Green's career gained momentum in 1969, when he met producer Willie Mitchell, who signed him to Hi Records in Memphis, Tennessee. Their partnership resulted in an innovative new Soul Music sound featuring spare instrumentation muted guitar simple horns and backbeats accompanied by Green s quiet but insistent vocals lyrically searching for the possibilities of love and often taking off into wild falsettos Though quieter than the so called Stax sound Green s music was complex and a popular and welcome ...

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Rob Bowman

musician, songwriter, producer, and actor, was born in Covington, Tennessee, to unknown parents. Before Hayes had turned two, his father had left the family home and his mother had passed away in a mental institution. Hayes was raised by his maternal grandparents, who sharecropped for a living until, at the age of seven, Hayes, his sister, and his grandparents moved to Memphis. Over the next several years, Hayes lived in a variety of places in North Memphis. Impoverished, at times the family had to split up, and at the worst point Hayes was sleeping in junk cars at a garage.Largely a self taught musician during and immediately following his school years Hayes apprenticed with a number of ensembles that variously worked the school amateur hour and nightclub circuit singing doo wop and gospel and playing blues and jazz saxophone and rhythm and blues piano Upon ...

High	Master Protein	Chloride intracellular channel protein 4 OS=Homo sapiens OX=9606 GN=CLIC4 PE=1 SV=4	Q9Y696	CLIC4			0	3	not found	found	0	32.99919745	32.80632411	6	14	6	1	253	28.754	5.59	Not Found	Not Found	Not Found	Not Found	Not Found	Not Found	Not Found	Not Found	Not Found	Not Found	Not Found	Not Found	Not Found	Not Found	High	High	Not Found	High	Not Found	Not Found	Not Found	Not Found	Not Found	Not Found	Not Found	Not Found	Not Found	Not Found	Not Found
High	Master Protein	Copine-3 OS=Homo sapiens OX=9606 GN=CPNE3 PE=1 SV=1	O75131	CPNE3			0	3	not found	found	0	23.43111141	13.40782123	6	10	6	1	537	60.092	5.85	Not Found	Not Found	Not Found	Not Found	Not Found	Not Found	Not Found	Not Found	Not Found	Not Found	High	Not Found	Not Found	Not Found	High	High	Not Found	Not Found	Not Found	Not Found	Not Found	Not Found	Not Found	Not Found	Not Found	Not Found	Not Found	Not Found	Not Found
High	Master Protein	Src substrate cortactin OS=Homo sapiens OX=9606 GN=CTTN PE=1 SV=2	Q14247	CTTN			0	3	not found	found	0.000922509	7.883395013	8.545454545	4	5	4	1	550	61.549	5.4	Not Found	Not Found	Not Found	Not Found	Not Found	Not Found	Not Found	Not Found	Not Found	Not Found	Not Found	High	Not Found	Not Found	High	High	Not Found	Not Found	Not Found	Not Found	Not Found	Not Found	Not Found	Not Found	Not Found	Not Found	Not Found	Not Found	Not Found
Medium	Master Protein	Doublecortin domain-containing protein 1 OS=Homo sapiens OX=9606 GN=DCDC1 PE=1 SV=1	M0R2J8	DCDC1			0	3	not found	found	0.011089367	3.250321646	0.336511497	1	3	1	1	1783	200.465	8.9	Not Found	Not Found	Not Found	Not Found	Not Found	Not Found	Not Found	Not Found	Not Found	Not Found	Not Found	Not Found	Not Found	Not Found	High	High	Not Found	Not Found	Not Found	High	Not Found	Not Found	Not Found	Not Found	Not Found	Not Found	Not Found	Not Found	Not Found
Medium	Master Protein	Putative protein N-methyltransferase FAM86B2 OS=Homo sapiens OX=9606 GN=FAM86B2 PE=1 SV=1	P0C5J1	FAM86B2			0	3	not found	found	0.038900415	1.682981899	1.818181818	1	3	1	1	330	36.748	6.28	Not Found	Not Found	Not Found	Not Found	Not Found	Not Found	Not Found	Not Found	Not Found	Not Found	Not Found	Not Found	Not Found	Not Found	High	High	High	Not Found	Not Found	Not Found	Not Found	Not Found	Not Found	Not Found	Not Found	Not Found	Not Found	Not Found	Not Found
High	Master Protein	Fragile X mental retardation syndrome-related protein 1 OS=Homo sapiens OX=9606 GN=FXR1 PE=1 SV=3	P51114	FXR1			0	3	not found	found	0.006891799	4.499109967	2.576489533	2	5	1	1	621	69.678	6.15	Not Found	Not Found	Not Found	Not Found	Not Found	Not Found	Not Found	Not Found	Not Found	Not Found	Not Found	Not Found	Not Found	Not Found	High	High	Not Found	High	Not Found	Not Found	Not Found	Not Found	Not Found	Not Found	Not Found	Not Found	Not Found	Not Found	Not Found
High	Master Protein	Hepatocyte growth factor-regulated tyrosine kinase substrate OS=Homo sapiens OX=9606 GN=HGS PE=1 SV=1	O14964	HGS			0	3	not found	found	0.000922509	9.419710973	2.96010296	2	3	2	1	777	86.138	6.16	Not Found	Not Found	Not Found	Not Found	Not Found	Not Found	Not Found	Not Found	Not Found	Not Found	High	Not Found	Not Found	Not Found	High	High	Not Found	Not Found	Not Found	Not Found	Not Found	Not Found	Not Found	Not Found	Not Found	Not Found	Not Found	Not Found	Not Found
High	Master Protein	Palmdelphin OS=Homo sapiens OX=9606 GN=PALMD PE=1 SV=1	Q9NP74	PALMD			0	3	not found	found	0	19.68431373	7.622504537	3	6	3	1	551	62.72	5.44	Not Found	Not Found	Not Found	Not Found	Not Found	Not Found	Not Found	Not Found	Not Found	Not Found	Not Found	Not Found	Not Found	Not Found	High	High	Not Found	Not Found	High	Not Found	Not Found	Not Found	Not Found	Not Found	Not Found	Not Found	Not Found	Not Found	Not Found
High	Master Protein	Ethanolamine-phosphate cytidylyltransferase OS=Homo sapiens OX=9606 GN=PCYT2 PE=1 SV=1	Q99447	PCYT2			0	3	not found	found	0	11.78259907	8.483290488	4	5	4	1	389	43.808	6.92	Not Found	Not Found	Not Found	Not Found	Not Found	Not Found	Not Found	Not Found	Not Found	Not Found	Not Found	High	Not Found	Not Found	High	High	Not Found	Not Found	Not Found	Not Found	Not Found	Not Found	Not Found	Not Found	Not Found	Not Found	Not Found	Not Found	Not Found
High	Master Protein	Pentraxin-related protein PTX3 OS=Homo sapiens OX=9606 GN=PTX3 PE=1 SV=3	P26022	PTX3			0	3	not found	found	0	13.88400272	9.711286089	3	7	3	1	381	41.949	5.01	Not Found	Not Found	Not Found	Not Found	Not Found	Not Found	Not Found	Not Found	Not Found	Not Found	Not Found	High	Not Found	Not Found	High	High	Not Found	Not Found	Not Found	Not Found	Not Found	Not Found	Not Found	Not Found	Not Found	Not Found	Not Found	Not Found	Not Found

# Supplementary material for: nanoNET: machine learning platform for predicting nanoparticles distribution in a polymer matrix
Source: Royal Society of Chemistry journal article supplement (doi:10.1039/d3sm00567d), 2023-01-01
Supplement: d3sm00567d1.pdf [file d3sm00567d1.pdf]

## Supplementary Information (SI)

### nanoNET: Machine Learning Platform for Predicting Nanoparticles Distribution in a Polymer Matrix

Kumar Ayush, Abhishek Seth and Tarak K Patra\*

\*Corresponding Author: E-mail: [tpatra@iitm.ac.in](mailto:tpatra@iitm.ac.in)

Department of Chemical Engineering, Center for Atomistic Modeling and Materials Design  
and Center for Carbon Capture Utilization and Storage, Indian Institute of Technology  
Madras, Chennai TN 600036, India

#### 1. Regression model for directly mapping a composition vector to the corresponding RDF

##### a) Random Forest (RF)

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Jason Miller